The last two books I've read have been fairly lengthy ones. Together they total over 1,300 pages, and neither one is for the faint-of-heart reader, really.
Both are excellent, in their own way.
Firstly, Wolf Hall by Hilary Mantel.
Most of you will know that this novel won the Booker Prize for 2009. The sequel, Bring Up The Bodies won in 2012, hence, Hilary Mantel joins Peter Carey and J.M. Coetzee as the only two time winners, and she is the first to win with a sequel. Quite an accomplishment. Also, she is the first to win with such a short interlude between books. In other words, she's on a roll! She's probably not too worried about the rising cost of brussels sprouts.
The third in the series is now being written.
This is a top-heavy book. By that I mean you really have to stick with it to enjoy it. The first stages can be criticized [I think] for being a bit daunting, history-wise and all. You've got to want to immerse yourself in 1520's England, you really do. But once you get the idea that this thing is really about Thomas Cromwell, you sort of get hooked, I think. On the wonderfully fashioned protagonist.
Cromwell [a real historical personage] climbs from a life of un-gentlemanly obscurity to incredible prominence in the court of King Henry VIII. He gets entwined in all the intrigues of court life, managing to prosper and advance himself through sheer ingenuity, sharp business sense, and personal charisma. Possessing the perfect blend of theoretical and practical wisdom while others are falling from heights of popularity and even being burned at the stake now and then, Thomas soars to ever newer heights of political power and influence.
The book is too grand to summarize in any paragraph. I encourage you though, to be brave, and stick with Wolf Hall to the end.
Secondly, Cutting For Stone by Abraham Verghese.
This story takes place largely in 1950's Ethiopia, but also branches out into later decades in America. It is the story of twin brothers orphaned at birth, and immediately abandoned by their father. The boys are raised by doctors from the hospital in which they were born, and they mature into distinct personalities with as many similarities between them as there are differences. One of the boys develops a childhood love for a girl named Genet -- and his brother robs her of her virginity. Not only does this create a rift between the two boys, but later in life, the radical political actions of the girl herself causes Marion [that's his name, the boy who truly loved her in the as yet non-physical sense] to be exiled to America.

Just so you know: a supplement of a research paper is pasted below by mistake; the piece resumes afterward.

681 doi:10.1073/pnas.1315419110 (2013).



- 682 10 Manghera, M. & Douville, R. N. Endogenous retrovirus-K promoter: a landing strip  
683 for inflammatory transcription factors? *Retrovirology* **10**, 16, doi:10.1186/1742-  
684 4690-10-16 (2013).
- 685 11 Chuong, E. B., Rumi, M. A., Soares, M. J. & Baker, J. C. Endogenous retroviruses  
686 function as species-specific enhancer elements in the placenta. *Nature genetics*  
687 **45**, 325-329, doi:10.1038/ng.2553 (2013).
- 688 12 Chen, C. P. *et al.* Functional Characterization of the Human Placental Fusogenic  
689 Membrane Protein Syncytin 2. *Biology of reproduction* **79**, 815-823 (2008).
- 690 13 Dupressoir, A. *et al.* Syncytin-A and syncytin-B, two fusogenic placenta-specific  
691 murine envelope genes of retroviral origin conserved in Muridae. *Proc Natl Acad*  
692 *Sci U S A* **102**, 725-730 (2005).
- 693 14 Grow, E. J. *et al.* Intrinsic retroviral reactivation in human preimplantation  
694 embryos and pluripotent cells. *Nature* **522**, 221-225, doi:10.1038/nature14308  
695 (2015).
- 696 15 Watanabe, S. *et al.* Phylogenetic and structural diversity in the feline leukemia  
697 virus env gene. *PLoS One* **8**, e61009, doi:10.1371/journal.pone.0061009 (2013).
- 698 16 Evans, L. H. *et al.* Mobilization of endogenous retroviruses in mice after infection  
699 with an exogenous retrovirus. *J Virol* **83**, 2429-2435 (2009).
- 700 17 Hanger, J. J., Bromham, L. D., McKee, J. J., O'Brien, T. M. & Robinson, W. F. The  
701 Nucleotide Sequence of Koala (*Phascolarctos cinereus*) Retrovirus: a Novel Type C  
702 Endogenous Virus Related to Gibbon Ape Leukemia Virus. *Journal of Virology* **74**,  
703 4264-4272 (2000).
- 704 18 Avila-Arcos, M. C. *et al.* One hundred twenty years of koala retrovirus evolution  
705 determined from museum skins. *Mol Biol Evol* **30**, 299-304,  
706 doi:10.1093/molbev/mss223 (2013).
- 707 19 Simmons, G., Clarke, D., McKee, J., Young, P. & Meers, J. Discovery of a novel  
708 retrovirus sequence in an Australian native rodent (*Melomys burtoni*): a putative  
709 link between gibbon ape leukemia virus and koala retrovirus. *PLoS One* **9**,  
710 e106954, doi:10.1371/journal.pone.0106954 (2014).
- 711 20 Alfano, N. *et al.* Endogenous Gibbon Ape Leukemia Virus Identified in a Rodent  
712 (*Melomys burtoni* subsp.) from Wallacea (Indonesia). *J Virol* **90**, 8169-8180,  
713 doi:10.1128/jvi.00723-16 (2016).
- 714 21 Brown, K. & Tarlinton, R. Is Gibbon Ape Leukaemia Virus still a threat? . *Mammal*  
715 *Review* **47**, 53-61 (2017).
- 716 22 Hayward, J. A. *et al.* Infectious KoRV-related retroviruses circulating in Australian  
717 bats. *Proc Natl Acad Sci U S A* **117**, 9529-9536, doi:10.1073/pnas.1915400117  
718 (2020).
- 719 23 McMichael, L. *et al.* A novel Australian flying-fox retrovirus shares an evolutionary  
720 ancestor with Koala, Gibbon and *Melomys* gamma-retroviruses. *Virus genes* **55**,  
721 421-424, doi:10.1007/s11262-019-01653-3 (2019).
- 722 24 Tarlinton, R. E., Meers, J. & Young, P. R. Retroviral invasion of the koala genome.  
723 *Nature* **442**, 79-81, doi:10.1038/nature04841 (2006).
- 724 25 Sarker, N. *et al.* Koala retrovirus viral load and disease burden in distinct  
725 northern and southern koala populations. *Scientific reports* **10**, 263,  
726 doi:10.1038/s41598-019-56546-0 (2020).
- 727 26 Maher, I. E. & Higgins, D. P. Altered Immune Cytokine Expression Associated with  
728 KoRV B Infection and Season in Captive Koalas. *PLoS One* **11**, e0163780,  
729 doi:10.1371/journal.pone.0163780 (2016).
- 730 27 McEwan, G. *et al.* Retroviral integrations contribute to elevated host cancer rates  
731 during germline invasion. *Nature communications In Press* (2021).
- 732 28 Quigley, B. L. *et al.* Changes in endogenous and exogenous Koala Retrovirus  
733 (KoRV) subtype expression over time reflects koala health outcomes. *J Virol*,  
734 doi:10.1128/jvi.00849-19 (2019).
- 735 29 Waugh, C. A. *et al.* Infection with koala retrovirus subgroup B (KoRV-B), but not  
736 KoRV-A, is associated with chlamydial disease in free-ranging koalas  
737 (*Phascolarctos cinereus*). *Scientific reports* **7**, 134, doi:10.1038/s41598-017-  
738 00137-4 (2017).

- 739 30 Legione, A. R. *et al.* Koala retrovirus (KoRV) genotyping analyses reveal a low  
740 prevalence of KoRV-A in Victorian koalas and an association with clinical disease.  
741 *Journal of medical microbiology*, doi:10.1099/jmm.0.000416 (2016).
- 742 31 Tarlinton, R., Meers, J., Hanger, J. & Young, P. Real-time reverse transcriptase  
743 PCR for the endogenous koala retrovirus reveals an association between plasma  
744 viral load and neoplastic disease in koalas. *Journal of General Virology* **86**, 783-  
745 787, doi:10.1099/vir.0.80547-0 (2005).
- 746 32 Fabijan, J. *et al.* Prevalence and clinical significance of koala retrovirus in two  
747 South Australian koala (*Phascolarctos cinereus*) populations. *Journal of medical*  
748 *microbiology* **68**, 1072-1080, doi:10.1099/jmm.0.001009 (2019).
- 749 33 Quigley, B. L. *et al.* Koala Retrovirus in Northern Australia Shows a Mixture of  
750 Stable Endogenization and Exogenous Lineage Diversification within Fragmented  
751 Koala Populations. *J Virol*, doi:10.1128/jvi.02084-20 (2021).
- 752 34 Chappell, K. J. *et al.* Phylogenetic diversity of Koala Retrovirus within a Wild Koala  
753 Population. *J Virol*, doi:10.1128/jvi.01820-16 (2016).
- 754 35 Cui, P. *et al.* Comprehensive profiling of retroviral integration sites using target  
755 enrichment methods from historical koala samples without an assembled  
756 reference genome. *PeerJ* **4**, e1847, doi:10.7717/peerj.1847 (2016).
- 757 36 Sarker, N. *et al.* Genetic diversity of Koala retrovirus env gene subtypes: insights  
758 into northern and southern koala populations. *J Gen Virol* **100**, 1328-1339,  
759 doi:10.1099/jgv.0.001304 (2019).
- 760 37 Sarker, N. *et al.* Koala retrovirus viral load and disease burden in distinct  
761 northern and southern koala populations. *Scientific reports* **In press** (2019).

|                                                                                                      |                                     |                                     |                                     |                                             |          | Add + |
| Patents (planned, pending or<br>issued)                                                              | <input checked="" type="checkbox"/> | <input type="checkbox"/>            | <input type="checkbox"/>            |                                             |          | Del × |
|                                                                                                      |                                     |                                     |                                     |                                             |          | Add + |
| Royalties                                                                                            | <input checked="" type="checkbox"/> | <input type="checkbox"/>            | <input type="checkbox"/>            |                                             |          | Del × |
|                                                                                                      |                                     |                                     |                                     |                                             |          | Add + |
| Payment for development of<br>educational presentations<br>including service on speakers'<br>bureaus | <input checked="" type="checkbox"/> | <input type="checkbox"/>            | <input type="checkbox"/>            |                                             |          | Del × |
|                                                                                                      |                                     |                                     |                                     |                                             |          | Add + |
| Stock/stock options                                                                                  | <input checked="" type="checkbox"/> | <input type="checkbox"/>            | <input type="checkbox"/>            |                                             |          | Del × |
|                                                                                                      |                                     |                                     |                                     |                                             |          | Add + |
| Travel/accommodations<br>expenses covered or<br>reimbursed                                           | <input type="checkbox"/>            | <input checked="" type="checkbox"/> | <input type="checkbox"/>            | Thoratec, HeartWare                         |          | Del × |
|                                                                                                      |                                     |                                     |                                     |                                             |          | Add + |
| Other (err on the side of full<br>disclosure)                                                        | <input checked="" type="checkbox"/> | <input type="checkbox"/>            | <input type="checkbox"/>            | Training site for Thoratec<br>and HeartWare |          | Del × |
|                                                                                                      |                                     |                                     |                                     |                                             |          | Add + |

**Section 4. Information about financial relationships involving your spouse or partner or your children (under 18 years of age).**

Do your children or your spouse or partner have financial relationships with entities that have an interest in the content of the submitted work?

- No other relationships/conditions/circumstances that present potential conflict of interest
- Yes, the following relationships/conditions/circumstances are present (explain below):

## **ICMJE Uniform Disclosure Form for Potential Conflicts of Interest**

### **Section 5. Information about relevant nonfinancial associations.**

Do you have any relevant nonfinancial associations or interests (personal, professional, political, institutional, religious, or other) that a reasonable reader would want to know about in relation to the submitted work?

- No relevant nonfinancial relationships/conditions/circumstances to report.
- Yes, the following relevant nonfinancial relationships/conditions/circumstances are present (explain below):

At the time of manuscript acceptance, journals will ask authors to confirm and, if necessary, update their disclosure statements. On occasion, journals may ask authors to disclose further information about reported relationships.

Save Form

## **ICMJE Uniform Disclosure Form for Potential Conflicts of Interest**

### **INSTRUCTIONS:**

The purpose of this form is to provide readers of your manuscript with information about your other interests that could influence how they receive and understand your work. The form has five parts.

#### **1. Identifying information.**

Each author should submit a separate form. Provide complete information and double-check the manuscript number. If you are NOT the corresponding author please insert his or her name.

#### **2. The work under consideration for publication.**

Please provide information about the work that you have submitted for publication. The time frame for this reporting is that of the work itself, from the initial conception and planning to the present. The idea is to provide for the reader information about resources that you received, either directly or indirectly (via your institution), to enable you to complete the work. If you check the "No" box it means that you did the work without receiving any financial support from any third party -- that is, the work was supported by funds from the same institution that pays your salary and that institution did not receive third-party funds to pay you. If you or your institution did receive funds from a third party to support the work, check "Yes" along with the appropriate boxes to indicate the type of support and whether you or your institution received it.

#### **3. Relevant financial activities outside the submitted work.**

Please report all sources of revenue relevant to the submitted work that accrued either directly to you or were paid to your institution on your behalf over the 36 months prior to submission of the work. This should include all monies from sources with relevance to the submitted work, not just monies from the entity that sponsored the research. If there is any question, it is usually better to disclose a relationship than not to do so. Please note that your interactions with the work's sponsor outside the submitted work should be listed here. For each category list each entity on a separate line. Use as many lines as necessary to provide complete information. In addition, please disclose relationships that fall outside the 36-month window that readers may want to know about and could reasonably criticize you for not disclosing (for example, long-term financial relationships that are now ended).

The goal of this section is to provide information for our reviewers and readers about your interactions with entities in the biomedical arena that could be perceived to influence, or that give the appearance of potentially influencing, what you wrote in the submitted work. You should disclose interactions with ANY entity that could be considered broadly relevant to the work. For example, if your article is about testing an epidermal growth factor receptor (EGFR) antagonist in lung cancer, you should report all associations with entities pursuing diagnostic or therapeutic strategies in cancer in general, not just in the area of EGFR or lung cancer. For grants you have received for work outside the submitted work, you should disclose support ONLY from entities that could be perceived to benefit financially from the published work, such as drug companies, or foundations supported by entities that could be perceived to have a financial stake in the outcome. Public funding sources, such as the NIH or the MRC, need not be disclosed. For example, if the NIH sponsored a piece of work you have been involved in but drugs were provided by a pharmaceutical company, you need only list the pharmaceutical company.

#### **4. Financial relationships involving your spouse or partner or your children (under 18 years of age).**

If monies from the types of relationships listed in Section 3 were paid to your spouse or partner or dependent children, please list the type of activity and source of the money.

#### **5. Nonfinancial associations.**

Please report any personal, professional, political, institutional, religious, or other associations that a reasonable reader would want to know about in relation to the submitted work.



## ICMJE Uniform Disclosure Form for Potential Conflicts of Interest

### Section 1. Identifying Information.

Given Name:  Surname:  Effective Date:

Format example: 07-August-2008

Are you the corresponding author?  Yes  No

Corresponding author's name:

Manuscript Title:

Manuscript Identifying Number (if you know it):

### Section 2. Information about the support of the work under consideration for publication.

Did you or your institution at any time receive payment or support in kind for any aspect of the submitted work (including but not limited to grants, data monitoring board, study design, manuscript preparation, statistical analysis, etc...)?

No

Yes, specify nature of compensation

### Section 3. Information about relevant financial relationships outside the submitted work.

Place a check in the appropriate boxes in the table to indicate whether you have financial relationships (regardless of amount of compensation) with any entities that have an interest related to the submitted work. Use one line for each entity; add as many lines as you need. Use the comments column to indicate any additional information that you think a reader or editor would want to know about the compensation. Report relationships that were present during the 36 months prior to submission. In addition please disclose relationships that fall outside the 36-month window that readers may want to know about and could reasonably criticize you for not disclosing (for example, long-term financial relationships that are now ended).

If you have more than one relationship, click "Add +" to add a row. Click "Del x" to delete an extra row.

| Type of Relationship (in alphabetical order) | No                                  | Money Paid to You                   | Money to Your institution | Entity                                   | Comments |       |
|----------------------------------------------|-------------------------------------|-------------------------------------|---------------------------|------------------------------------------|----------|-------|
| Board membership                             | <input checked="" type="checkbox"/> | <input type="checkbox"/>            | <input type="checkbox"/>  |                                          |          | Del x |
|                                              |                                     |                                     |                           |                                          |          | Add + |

In this actual separation from each other, the young men [both now doctors] become even further estranged -- that is, until dire events in America create a reunion situation which will call for ultimate acts of self-sacrifice, reconciliation and forgiveness.
This is a brilliant, epic, sprawling book -- and again, it seems so impossible to do justice to it in a brief review. Suffice it to say it is probably the best book I have yet read this year. I found it entirely engrossing and interesting -- but having said that, I should add that there is a lot of technical medical rigamarole in Cutting For Stone. I enjoyed this, but not all readers will. I've read reviews where Verghese [a doctor himself] is criticized for his emphasis on medical terminology etc. Apparently, this did not appeal to everyone.
For me, it only added to the incredible verisimilitude of this entire story. I agree with none other than John Irving, who said of it -- "I’ve not read a novel wherein medicine, the practice of it, is made as germane to the storytelling process, to the overall narrative, as the author manages to make it happen here."
Cutting For Stone is just so well constructed, interesting, and deeply moving.
I highly recommend it.